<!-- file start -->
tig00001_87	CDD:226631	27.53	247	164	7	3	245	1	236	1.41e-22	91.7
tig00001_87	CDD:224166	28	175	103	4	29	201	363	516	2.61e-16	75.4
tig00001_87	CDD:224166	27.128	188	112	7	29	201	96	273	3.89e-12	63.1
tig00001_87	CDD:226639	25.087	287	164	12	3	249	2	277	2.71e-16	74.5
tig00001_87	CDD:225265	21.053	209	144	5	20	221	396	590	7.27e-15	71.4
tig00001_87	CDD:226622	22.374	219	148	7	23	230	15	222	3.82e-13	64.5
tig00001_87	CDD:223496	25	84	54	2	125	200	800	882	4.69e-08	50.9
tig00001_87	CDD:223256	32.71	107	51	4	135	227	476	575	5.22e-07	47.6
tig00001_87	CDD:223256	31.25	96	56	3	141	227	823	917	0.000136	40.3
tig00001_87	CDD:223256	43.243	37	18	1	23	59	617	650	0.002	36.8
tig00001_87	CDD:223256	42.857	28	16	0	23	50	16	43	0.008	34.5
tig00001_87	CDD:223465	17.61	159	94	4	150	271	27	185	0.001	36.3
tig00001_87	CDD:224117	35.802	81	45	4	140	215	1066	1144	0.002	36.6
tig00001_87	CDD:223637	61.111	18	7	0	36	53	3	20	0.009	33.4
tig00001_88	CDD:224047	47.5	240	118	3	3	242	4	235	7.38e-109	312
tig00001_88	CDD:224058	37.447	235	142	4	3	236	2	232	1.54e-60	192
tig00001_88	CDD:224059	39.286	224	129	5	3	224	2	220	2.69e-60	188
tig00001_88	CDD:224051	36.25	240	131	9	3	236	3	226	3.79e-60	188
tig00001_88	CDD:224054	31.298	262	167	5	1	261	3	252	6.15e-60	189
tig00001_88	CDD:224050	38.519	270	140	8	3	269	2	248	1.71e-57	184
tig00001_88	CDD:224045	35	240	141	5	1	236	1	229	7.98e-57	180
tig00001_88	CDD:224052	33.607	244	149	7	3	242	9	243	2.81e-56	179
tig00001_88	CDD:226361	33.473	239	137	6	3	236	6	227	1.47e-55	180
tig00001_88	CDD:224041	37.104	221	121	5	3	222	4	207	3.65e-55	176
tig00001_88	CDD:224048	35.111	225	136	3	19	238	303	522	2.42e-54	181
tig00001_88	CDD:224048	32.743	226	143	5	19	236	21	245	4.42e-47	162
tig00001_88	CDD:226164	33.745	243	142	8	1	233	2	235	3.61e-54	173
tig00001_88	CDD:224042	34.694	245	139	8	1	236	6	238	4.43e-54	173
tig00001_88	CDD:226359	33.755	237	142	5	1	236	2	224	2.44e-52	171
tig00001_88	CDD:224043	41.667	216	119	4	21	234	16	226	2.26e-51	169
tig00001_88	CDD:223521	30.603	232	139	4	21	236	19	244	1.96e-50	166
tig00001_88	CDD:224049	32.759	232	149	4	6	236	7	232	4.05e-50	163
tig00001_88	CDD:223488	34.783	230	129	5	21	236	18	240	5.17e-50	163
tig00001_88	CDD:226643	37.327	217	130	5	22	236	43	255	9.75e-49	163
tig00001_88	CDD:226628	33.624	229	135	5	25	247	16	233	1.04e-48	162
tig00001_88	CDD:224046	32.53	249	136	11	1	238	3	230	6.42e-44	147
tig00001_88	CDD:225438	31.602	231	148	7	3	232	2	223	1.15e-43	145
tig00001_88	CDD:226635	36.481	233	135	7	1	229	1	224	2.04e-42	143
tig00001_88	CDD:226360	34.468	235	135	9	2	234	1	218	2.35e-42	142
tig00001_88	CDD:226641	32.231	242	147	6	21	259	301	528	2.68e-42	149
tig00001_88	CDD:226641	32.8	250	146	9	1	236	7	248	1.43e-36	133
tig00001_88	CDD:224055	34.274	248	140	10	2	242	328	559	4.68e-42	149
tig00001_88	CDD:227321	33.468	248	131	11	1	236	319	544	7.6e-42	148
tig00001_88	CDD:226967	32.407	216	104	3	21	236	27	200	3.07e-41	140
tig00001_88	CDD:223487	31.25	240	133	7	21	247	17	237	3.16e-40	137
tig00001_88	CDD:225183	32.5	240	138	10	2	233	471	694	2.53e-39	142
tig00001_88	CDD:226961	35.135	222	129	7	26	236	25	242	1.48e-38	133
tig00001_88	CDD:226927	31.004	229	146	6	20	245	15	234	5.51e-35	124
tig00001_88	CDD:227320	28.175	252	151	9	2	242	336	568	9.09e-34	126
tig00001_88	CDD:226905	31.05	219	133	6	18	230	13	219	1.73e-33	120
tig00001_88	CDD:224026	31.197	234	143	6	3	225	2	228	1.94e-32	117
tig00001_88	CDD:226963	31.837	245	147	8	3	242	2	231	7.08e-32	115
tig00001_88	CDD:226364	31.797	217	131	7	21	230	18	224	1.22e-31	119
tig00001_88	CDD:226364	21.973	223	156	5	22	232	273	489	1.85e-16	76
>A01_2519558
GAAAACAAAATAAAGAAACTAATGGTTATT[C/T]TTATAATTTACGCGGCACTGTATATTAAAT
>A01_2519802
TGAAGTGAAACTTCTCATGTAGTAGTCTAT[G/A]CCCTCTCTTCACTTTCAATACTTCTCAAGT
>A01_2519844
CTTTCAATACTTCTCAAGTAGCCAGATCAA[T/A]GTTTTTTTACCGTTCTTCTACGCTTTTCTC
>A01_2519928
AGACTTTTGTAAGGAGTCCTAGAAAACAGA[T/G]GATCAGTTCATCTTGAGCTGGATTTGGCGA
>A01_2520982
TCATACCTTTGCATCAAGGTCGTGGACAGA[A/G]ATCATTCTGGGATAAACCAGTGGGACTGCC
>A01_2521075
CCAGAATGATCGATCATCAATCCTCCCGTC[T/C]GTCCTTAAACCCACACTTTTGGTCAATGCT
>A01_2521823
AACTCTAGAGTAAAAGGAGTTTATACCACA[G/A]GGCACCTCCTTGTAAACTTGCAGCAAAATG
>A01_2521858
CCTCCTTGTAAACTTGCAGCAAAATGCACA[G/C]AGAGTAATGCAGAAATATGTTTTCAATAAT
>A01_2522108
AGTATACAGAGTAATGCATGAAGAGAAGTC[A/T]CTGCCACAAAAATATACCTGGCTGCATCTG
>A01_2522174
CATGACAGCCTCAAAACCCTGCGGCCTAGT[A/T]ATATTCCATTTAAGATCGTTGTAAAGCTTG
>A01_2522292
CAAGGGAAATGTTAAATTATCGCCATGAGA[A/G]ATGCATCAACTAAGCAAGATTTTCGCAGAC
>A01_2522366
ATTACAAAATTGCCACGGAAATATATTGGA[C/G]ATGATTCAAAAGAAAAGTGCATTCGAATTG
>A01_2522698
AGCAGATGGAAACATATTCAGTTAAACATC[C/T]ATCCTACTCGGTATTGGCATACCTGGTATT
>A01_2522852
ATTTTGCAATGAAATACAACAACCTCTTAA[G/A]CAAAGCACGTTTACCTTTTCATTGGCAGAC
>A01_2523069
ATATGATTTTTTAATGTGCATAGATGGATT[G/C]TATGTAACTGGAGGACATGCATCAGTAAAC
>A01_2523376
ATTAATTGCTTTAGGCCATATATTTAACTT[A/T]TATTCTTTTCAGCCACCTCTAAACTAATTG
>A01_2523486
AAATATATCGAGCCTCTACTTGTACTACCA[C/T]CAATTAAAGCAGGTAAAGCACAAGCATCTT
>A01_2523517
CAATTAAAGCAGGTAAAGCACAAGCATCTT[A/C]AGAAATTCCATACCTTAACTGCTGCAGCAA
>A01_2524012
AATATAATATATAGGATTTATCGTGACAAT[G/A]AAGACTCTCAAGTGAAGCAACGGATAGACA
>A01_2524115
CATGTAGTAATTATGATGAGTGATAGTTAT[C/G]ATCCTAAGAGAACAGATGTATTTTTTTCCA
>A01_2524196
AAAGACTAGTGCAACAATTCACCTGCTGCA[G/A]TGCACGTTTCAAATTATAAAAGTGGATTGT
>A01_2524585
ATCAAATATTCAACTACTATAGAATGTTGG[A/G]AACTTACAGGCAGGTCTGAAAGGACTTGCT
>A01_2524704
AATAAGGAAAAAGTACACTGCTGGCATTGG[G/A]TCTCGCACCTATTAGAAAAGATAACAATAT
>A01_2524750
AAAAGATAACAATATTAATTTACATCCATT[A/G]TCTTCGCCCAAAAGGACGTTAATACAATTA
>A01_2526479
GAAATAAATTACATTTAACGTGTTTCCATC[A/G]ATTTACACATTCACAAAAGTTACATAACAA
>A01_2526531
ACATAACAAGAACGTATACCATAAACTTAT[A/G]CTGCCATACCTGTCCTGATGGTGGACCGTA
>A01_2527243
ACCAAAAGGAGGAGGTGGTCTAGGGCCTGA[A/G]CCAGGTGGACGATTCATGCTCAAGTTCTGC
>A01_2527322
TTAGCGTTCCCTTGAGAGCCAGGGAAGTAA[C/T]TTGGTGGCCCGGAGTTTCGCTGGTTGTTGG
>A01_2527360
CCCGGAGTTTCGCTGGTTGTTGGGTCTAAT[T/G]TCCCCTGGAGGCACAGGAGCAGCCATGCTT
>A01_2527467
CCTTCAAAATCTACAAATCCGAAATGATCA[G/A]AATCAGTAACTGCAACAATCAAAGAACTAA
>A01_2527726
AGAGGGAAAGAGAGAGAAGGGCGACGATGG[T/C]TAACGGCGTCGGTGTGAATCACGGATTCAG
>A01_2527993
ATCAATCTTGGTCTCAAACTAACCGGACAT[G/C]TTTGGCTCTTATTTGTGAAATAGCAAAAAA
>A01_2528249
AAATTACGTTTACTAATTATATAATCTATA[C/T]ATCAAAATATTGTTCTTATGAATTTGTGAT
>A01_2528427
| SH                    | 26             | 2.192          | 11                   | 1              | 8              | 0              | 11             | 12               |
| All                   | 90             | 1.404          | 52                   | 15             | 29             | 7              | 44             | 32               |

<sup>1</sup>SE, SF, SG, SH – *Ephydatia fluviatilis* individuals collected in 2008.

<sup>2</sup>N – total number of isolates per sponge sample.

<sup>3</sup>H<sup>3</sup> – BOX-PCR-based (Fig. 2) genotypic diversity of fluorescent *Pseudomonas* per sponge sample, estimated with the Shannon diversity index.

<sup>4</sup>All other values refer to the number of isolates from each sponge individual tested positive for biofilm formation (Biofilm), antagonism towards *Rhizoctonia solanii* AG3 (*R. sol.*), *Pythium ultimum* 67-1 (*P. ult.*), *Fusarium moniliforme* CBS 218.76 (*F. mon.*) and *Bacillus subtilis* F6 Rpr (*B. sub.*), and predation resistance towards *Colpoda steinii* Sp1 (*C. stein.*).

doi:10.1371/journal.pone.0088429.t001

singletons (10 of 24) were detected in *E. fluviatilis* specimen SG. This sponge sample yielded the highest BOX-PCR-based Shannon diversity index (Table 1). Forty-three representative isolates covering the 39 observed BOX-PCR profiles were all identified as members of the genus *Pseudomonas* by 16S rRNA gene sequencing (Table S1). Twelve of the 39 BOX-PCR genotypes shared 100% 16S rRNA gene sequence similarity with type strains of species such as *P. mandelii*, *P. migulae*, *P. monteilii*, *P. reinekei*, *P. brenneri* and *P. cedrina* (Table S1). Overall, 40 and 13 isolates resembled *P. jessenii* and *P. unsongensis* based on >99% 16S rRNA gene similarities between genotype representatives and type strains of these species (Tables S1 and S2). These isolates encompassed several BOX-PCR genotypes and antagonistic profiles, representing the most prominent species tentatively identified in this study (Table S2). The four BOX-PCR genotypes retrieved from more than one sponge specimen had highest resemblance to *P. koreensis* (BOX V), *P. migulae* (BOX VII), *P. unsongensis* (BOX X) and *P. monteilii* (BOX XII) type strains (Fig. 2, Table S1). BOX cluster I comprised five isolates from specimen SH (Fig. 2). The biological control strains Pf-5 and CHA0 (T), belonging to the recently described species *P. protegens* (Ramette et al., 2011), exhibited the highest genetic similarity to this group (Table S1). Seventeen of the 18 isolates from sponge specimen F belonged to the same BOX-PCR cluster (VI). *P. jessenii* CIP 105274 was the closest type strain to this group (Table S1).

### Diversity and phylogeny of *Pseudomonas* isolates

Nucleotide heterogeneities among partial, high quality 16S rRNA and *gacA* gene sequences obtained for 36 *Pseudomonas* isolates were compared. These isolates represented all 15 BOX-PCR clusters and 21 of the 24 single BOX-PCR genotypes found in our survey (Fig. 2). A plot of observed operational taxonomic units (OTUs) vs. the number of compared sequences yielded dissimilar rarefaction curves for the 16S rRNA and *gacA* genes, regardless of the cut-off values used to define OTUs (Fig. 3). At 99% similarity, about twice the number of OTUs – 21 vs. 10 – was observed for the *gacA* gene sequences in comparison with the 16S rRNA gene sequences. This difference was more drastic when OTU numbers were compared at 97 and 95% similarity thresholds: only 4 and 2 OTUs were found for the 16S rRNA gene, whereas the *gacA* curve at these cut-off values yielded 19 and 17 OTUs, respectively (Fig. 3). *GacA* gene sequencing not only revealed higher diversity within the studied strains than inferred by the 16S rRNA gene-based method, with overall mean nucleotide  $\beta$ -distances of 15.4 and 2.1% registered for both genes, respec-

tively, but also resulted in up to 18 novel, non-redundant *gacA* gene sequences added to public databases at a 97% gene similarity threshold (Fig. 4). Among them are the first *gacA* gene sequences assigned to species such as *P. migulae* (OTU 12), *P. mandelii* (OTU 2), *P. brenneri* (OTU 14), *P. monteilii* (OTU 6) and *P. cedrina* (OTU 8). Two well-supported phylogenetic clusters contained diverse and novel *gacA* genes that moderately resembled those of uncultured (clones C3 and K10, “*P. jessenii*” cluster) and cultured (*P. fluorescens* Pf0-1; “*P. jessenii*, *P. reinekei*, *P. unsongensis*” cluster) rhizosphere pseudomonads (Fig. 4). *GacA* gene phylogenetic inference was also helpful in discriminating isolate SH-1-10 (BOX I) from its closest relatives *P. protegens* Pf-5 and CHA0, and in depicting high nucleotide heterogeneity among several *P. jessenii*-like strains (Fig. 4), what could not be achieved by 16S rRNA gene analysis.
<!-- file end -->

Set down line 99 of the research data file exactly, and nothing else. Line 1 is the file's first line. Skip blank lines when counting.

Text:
>A01_2524704